Oil extends retreat from record, Wall St weighs

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SINGAPORE, Nov 8 (Reuters) Oil prices pulled further back from the brink of 0 a barrel on Thursday after fresh signs of weak U.S.

oil demand and a Wall Street slump fuelled profit-taking from a near 40 percent rally in under three months.

U.S. crude for December delivery curbed earlier losses to stand 45 cents lower at .92 by 0658 GMT. Oil fell 33 cents on Wednesday, reversing gains that had carried the market to a peak of .62, the latest in a succession of all-time highs.

London Brent crude fell 23 cents to .01 a barrel.

Oil prices have surged since August as a weaker dollar, robust global petroleum demand and tighter oil supplies attracted huge speculative investment, but trade has become increasingly volatile as oil approaches the 0 milestone.

A tumble on Wall Street and further deep losses on Asian stock markets amid fears the subprime mortgage crisis could extend well into next year helped drag oil lower as traders feared diminished demand in the world's top consumer.GLOB] ''The weak stock market will mean weaker oil prices,'' said Jim Ritterbusch, president of Ritterbusch and Associates in Illinois.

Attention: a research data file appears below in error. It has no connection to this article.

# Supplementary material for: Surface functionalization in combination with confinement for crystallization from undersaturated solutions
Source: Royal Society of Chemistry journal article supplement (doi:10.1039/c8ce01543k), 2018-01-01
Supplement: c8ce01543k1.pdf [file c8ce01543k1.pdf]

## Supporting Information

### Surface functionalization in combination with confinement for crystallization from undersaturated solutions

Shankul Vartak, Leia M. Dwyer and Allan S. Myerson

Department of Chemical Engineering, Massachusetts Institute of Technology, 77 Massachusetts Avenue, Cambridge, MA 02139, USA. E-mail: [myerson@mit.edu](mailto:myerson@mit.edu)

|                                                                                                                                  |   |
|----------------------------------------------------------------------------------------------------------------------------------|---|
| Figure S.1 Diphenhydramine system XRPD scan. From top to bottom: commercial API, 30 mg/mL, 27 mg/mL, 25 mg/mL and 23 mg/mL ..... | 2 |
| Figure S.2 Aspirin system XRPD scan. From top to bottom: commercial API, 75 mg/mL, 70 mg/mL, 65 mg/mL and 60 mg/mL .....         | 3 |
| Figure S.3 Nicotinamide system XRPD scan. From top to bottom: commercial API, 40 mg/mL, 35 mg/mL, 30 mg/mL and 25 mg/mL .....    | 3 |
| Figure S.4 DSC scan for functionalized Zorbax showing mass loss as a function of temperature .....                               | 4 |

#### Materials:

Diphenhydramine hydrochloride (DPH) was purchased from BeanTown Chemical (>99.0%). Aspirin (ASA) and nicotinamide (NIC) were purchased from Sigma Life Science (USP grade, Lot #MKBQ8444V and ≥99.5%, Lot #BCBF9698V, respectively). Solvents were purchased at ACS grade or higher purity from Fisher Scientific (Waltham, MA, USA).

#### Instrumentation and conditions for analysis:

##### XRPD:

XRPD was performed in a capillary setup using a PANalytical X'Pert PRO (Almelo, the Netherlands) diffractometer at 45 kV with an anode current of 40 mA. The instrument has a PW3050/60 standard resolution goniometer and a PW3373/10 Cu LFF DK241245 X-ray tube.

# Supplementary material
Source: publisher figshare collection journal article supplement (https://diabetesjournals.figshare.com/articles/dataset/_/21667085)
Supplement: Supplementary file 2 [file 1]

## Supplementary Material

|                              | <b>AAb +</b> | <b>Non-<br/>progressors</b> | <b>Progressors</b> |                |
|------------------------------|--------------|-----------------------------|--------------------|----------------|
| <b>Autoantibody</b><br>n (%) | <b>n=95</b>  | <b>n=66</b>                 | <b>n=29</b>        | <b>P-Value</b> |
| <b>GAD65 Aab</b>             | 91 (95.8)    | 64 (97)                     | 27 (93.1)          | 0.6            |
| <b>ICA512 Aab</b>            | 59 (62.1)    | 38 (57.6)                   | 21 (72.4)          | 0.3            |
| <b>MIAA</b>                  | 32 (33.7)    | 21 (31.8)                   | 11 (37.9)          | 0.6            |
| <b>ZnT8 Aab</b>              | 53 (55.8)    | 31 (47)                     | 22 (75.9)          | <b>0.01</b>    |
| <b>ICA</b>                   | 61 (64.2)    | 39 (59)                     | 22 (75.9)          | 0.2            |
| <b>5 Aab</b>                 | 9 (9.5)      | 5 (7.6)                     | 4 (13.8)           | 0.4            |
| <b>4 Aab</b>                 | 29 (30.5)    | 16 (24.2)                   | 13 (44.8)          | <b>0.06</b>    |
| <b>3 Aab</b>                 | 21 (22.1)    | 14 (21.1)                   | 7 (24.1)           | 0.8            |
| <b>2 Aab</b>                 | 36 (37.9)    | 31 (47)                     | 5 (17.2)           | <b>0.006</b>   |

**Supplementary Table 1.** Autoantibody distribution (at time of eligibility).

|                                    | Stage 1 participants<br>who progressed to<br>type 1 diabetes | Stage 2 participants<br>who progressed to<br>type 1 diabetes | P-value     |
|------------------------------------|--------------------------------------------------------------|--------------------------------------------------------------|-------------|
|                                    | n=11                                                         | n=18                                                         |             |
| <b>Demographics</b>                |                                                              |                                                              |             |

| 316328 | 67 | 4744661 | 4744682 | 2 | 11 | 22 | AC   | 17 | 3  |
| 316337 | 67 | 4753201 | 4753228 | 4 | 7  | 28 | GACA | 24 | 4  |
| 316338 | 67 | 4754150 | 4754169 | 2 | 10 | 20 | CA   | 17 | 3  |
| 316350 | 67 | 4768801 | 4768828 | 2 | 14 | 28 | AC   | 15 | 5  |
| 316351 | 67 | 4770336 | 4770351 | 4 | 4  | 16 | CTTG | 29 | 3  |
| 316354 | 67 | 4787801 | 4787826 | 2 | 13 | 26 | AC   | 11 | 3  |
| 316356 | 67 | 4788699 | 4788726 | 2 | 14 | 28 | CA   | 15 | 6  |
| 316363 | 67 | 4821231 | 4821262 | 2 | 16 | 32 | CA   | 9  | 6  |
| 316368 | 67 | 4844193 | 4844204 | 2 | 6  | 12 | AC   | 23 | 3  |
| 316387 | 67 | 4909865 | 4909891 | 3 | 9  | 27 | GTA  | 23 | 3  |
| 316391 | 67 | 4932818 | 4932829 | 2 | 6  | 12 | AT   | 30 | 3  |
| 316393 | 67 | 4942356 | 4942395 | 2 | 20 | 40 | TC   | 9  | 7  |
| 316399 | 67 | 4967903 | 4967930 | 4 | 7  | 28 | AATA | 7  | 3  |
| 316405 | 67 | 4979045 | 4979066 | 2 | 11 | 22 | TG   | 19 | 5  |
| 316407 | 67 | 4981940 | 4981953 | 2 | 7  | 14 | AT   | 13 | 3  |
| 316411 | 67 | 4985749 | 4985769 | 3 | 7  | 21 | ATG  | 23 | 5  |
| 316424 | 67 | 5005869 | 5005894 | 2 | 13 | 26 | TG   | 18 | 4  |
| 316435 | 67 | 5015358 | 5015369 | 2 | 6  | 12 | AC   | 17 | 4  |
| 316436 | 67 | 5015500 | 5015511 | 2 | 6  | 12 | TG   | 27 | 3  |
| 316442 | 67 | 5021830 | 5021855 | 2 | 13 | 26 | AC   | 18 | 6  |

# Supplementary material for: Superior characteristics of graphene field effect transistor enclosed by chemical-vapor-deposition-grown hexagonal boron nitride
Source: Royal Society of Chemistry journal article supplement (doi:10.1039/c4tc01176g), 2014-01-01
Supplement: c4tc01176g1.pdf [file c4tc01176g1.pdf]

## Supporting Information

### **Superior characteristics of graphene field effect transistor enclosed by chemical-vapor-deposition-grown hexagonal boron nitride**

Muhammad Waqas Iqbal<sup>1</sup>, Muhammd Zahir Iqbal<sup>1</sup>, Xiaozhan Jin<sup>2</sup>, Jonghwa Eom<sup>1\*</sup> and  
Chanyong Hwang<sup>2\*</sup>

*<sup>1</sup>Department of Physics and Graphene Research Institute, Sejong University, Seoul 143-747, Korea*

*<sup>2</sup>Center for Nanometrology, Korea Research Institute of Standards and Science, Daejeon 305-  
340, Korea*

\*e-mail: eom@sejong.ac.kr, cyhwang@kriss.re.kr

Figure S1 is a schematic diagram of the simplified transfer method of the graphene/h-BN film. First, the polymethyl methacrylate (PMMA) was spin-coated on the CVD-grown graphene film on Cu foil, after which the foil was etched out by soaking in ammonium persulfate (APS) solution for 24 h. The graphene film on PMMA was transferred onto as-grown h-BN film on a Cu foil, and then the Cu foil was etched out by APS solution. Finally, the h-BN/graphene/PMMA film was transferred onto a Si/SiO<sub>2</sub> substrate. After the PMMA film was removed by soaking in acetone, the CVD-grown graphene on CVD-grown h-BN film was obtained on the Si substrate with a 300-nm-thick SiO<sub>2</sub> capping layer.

Some analysts have said oil could climb above 0 a barrel in the coming days amid expectations that stockpiles in major consumer countries will grow tighter this winter, although U.S. government data on Wednesday tempered those worries slightly.

In the past month, demand for fuel in the United States fell 0.4 percent from a year ago, the U.S. Energy Information Administration said in a weekly report. It also showed crude stocks last week fell by only 800,000 barrels, less than expected, slightly easing concerns over winter supply. S] Gasoline inventories fell by 800,000 barrels but heating oil stocks rose by 600,000 barrels, the data showed.

Oil has also been under pressure from the steady slide in the U.S. dollar, which has lost 7.6 percent of its value against a basket of currencies since mid-August.

Oil has surged by nearly 40 percent over the same period as it grows cheaper for non-dollar investors, and some bet that OPEC nations may aim for a higher oil price to make up for the lost purchasing power of their petrodollar revenues.

''More and more investor money has flowed in to commodities as the dollar has continued to weaken,'' JP Morgan analysts said in a research note. ''These flows have reinforced the on again-off again negative correlation between oil and the dollar and trading the two markets together is back in vogue.'' The dollar hit a record low against the euro on Wednesday and a three-month low against the Japanese yen in early trading on Thursday in Asia.

Oil's surge has taken it near the inflation-adjusted record peak of 1.70 hit in 1980, when war between OPEC producers Iran and Iraq ignited an oil supply crisis, and sounded the alarm bell in consumer nations still reeling from debt market turmoil.

The U.S. government has repeatedly said oil prices are too high and has called on OPEC to boost production to avert a shortage, but the group has been reluctant to increase output further, saying supplies are adequate.

REUTERS AK BD1256

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